Tuesday, September 27, 2022

US Army’s AH-64E Apache Helos To Get ‘Multi-Sensor’ Air-To-Ground Missiles; Will Replace Aging Hellfire Missiles

Lockheed Martin has recently announced that the US Army has cleared the Joint-Air-to-Ground Missile (JAGM) for full-rate production (FRP). 

The latest decision was made after a controversial delay caused by the missile system’s failure to produce the expected deadly effects on maritime targets. 

North Korea Is ‘Preparing’ For Its 7th Nuclear Test; Can US, Japan & South Korea Pin Down Kim Jong-Un?

The US Army’s decision, dated August 30, to proceed with the JAGM program indicates the weapon’s advancement and the military’s confidence in the technology, said Lockheed Martin. 

“The milestone also marks the successful completion of operational testing of JAGM on the US Army’s AH-64E Apache and the Marine Corps AH-1Z Viper helicopters,” Lockheed said.

With the latest decision, the US-based aerospace giant will mass-produce the missile without limitations.  

“JAGM has repeatedly proven that it can be counted on when it matters most, providing mission-focused offensive and defense capabilities and maintaining a competitive edge against potential adversaries,” said Lockheed Martin vice president Jerry Brode. 

“The program’s full rate production milestone speaks volumes to how JAGM’s precision and combat effectiveness continues to provide 21st-century solutions in an ever-evolving threat environment,” Brode added. 

U.S. Navy tests new joint-air-to-ground missile on AH-1Z helicopter
An AH-1Z Helicopter carrying the Joint-Air-to-Ground Missile (JAGM) at Naval Air Station, Patuxent River, Md. (U.S. Navy photo)

JAGMs will replace the outdated Hellfire Romeo and Hellfire Longbow missiles produced by Lockheed Martin.

The JAGM is a multi-sensor air-to-ground missile that can be retrofitted with the M299 launcher and all systems (air, ground, and maritime) that currently use Hellfire or Longbow missiles.

Its precision-guided munition can destroy high-value stationary, moving, and relocatable land and naval targets. According to Lockheed Martin, the missile system integrates its dual-mode seeker with the combat-proven Hellfire missile bus for “next-generation” precision.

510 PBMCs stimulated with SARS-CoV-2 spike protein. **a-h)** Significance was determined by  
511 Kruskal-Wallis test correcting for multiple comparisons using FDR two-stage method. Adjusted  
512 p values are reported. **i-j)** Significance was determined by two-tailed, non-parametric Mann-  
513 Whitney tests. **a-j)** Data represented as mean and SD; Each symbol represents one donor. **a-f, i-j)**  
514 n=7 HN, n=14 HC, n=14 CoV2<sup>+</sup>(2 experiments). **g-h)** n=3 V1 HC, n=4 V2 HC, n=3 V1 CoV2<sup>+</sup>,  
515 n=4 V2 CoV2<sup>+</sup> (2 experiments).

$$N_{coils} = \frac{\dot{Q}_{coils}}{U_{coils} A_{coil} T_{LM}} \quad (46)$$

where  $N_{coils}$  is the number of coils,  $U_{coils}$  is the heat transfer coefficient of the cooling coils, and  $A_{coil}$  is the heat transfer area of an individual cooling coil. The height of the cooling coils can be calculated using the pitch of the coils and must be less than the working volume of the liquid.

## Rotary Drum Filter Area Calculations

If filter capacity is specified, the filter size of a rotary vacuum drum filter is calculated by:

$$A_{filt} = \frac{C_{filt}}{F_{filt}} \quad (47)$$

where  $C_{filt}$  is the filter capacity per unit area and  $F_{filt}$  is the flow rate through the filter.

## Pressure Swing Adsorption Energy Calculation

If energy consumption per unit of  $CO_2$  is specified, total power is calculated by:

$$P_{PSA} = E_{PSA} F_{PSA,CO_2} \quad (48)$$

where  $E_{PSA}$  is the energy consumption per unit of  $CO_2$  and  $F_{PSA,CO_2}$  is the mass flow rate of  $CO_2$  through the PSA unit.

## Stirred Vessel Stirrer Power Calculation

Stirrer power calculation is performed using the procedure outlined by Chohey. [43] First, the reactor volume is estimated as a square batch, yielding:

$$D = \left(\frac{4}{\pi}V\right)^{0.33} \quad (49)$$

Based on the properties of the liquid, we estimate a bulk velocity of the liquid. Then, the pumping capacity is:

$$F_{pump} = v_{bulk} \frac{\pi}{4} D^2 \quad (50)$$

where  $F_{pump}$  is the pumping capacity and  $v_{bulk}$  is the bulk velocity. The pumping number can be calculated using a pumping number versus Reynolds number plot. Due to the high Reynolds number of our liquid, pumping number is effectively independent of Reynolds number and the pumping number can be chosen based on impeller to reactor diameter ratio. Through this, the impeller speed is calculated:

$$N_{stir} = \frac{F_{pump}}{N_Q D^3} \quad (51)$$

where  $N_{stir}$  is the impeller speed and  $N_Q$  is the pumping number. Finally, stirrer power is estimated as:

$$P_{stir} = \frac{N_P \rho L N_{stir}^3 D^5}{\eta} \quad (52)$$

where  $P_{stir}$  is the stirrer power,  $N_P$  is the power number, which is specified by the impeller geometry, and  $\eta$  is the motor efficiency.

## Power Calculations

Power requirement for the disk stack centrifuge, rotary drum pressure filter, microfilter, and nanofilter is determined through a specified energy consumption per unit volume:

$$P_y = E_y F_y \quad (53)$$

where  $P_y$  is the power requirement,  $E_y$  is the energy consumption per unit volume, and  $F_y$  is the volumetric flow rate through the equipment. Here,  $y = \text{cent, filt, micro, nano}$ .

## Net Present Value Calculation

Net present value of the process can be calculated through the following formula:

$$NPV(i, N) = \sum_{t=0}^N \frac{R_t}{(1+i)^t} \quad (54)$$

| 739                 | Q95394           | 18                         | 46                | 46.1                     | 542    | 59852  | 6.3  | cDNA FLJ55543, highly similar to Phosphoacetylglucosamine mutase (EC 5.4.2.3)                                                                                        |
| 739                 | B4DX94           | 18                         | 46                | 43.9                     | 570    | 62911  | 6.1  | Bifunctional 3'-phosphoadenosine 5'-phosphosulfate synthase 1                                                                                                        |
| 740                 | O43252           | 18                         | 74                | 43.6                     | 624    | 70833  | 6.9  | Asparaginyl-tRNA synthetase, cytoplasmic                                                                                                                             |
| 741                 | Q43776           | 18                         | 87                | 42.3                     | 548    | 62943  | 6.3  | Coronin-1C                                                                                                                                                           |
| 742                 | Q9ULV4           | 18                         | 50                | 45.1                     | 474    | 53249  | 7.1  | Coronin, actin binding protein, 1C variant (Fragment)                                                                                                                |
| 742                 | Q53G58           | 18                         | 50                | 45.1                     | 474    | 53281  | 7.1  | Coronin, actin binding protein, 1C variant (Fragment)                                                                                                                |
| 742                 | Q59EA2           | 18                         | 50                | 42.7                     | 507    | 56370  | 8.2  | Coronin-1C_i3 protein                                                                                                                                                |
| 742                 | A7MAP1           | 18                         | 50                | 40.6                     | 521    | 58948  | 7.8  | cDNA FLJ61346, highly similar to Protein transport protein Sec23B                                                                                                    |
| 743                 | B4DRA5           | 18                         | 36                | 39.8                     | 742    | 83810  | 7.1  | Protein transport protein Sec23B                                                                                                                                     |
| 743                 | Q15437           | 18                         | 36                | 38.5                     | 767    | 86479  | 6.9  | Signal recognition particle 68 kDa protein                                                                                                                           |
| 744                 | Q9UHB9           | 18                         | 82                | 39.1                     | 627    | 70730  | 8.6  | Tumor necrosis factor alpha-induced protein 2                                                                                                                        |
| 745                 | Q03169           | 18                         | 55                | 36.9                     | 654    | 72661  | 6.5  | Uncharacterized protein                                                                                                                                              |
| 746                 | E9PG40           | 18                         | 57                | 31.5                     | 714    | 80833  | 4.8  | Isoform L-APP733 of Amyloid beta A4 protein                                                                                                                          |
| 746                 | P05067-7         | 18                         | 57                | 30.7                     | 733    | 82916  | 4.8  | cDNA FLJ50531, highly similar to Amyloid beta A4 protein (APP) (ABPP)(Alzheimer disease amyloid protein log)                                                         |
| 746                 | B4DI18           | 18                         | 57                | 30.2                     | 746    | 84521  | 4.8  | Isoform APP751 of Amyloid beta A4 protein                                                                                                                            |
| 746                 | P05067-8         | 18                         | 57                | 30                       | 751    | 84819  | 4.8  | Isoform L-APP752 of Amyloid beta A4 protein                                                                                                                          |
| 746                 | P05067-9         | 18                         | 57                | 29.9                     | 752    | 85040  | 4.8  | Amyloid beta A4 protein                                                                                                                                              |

“JAGM’s advanced capabilities and increased commonality position its users to maintain a competitive advantage over the threats of today and tomorrow,” company official Joey Drake stated. 

In June 2018, JAGM reached Milestone C and entered the Low-Rate Initial Production (LRIP). The program completed supplier and prime contractor production readiness evaluations, and several flight tests demonstrated its dependability and combat performance.

Lockheed Martin built JAGM in limited quantities throughout LRIP to create a production base and allow for operational testing and evaluation of the system.

Meanwhile, Lockheed is attempting to improve the medium-range JAGM system’s range from eight kilometers (5 miles) to sixteen kilometers (10 miles).

Lockheed Martin JAGM US Army
File Image: Lockheed Martin JAGM US Army

Past Failures

In 2018, the Director of Operational Test and Evaluation tested the JAGM system and found several significant flaws. It was also previously revealed that the missile was “cyber vulnerable” when a cyber analyst successfully got access to the weapon’s guidance software.

Before 2018, the Army saw many setbacks, including having the missile miss two targets during live-fire testing from an AH-64E Apache. Similarly, four missiles were launched with live warheads during a major test event, and one failed to explode. 

Test reports state that the missile received “erroneous target velocities” from the Apache’s aiming site and fire control radar. The Army fixed these issues during subsequent testing and evaluation.

Marine Corps Cpl. Gabriel Halcomb, front, assigned to Marine Operational Test & Evaluation Squadron One (VMX-1), conducts an operational check on the M299 hellfire missile launcher attached to an AH-1Z Viper, Nov. 4, 2021. Marine Corps aviation ordnance personnel, Cpl. David Walker-Hyde, left, and Lance Cpl. Christian Castaneda, back, ensures the aircraft remains ready during the operational test and evaluation of the joint air-to-ground missile (JAGM).

However, the Marine Corps encountered issues with the JAGM on the Viper during an early operational test and evaluation in the mid of 2019 at Fort Hood, Texas, and Eglin Air Force Base, Florida. 

The Marines fired two missiles, both of which missed boat targets in the center of the vessel, instead striking distant back. A decision regarding full-rate production was supposed to be made roughly a year ago. However, the Marine Corps required more time to complete the platform integration with the missile.

Maj Gen Robert Rasch, the executive program officer for missiles and space at the time, stated last October that the delay had no overall adverse effect on the program. According to him, the Army continues to produce JAGMs at the minimum sustainment rate. In February, Lockheed produced its 1,000th JAGM off the production line.

According to Lockheed, the objective is to incorporate JAGM onto helicopters, unmanned aircraft such as Gray Eagle, and air defense systems such as the Mobile Short-Range Air Defense System, or M-SHORAD. 

Featured News